The time has come
With the final debate over, the candidates must rely on their policies to carry them through to Election Day.
As the presidential election nears, the race to the White House continues to be a winding road for both candidates: President Barack Obama and Gov. Mitt Romney. On Monday, the two ended the debate trilogy with a focus on foreign policy.
The debate was held in Boca Raton, Fla., at Lynn University and was moderated by Bob Schieffer, CBS News’ chief Washington correspondent. Compared to the last town hall debate, all questions asked on foreign policy were from Schieffer, not the audience. Obama, Romney and Schieffer all sat at a table together rather than the podiums or chairs used in previous debates. The candidates had two minutes to answer a question, and then there was a discussion until it led into another topic.
Recent controversies in Libya have pushed foreign policy to the forefront of the candidates’ campaigns and American’s minds.
Schieffer began asking the candidates about the four Americans that died in the attack on the American consulate in Benghazi, Libya, including an American ambassador: “What happened? What caused it? … Was it policy failure?”
Romney won the coin toss, so he responded first. In past debates, viewers have seen a lot of argument and disagreement, but Romney started off this debate agreeing with his opponent.
“We’re going to have to recognize that we have to do as the president has done. I congratulate him on taking out Osama bin Laden and going after the leadership in al-Qaeda,” Romney said. “But we can’t kill our way out of this mess. . .we have to have a comprehensive strategy to help reject this kind of extremism.”
Schieffer then turned to Obama to ask his thoughts on the Libya issue.
“… I’m glad that you agree that we have been successful going after al-Qaeda, but I have to tell you that, you know, your strategy previously has been one that has been all over the map and is not designed to keep America safe or to build on the opportunities that exist in the Middle East,” Obama said.
The president and governor continued to quarrel back and forth about the issues in both Libya and Syria, but ultimately showed how they both want maintain peaceful relationships with the two countries if possible. Despite this, both candidates agreed that Bashar-al-Assad, the president of Syria, needs to be taken down.
The debate then lead into the topic of Egypt and President Mubarak. The candidates again agreed that it was necessary to say no to Mubarak, and that it was essential to stand for democracy against the Egyptians. After back and forth discussion, the debate led into a topic that interested many: America’s role in the world.
Romney was the first to respond to the topic.
“I absolutely believe that America has a responsibility and the privilege of helping defend freedom and promote the principles that make the world more peaceful,” Romney said. “…because when there are elections, people tend to vote for peace. They don’t vote for war. So we want to promote those principles around the world.”
Obama responded to the topic of America’s role with the fact that the world needs America to be strong. He discussed how the war in Iraq has ended and that the United States was able to focus its attention on terroristic threats and Afghanistan.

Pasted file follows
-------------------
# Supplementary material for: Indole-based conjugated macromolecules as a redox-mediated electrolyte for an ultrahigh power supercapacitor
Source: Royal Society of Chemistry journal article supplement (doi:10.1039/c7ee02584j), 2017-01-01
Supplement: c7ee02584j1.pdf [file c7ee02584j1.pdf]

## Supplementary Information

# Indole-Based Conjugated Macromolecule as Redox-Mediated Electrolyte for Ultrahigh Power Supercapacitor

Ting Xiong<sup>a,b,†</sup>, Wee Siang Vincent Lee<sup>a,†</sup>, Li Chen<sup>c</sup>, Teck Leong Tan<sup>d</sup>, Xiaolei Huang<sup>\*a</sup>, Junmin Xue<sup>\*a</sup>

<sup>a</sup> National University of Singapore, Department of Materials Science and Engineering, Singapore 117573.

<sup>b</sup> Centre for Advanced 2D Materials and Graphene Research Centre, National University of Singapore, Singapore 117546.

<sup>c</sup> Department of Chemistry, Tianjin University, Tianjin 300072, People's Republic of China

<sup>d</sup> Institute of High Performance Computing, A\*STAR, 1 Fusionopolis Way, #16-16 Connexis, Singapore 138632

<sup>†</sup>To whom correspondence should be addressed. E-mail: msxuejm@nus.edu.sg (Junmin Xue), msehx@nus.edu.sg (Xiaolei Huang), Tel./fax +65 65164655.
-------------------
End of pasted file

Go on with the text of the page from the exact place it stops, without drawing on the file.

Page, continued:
After the candidates leading themselves onto a tangent about education, Shieffer reined the two in and asked Romney about his idea of wanting a bigger military – specifically a bigger navy – and where the money will come to support this idea.
Romney made it clear how he will have the budget to support his expansion of military forces: getting rid of Obamacare and allow the states to run programs like Medicaid. Romney never answered the question of why he wanted a bigger military; only how he will fund the expansion. In support of his idea, Romney cited the U.S Navy’s size as being the smallest it has been since 1917.
Obama quickly responded to Romney’s comments and spoke directly to him.
“You mentioned the Navy, for example, and that we have fewer ships that we did in 1916. Well, Governor, we also have fewer horses and bayonets because the nature of our military has changed,” Obama said. “And so the question is not a game of Battleship where we’re counting ships. It’s what our capabilities are.”
The debate continued its focus on foreign policy discussing the issues of Israel and if it was time to “divorce Pakistan.” The debate then moved to a controversial topic of shipping jobs overseas to China.
“I want a great relationship with China. China can be our partner, but – but that doesn’t mean they can just roll all over us and steal our jobs on an unfair basis,” Romney said.
Obama quickly pulled out another punch aimed right at Romney.
“Governor Romney’s right, you are familiar with jobs being shipped overseas because you invested in companies that were shipping jobs overseas,” Obama said. “We believe China can be a partner, but we’re also sending a very clear signal that America is a Pacific power; that we are going to have a presence there. . .we’re organizing trade relations with countries other than China, so that China starts feeling more pressure about meeting basic international standards.”
After a lot of back-and-forth from the candidates, the debate finally concluded with both Obama and Romney giving their closing statements.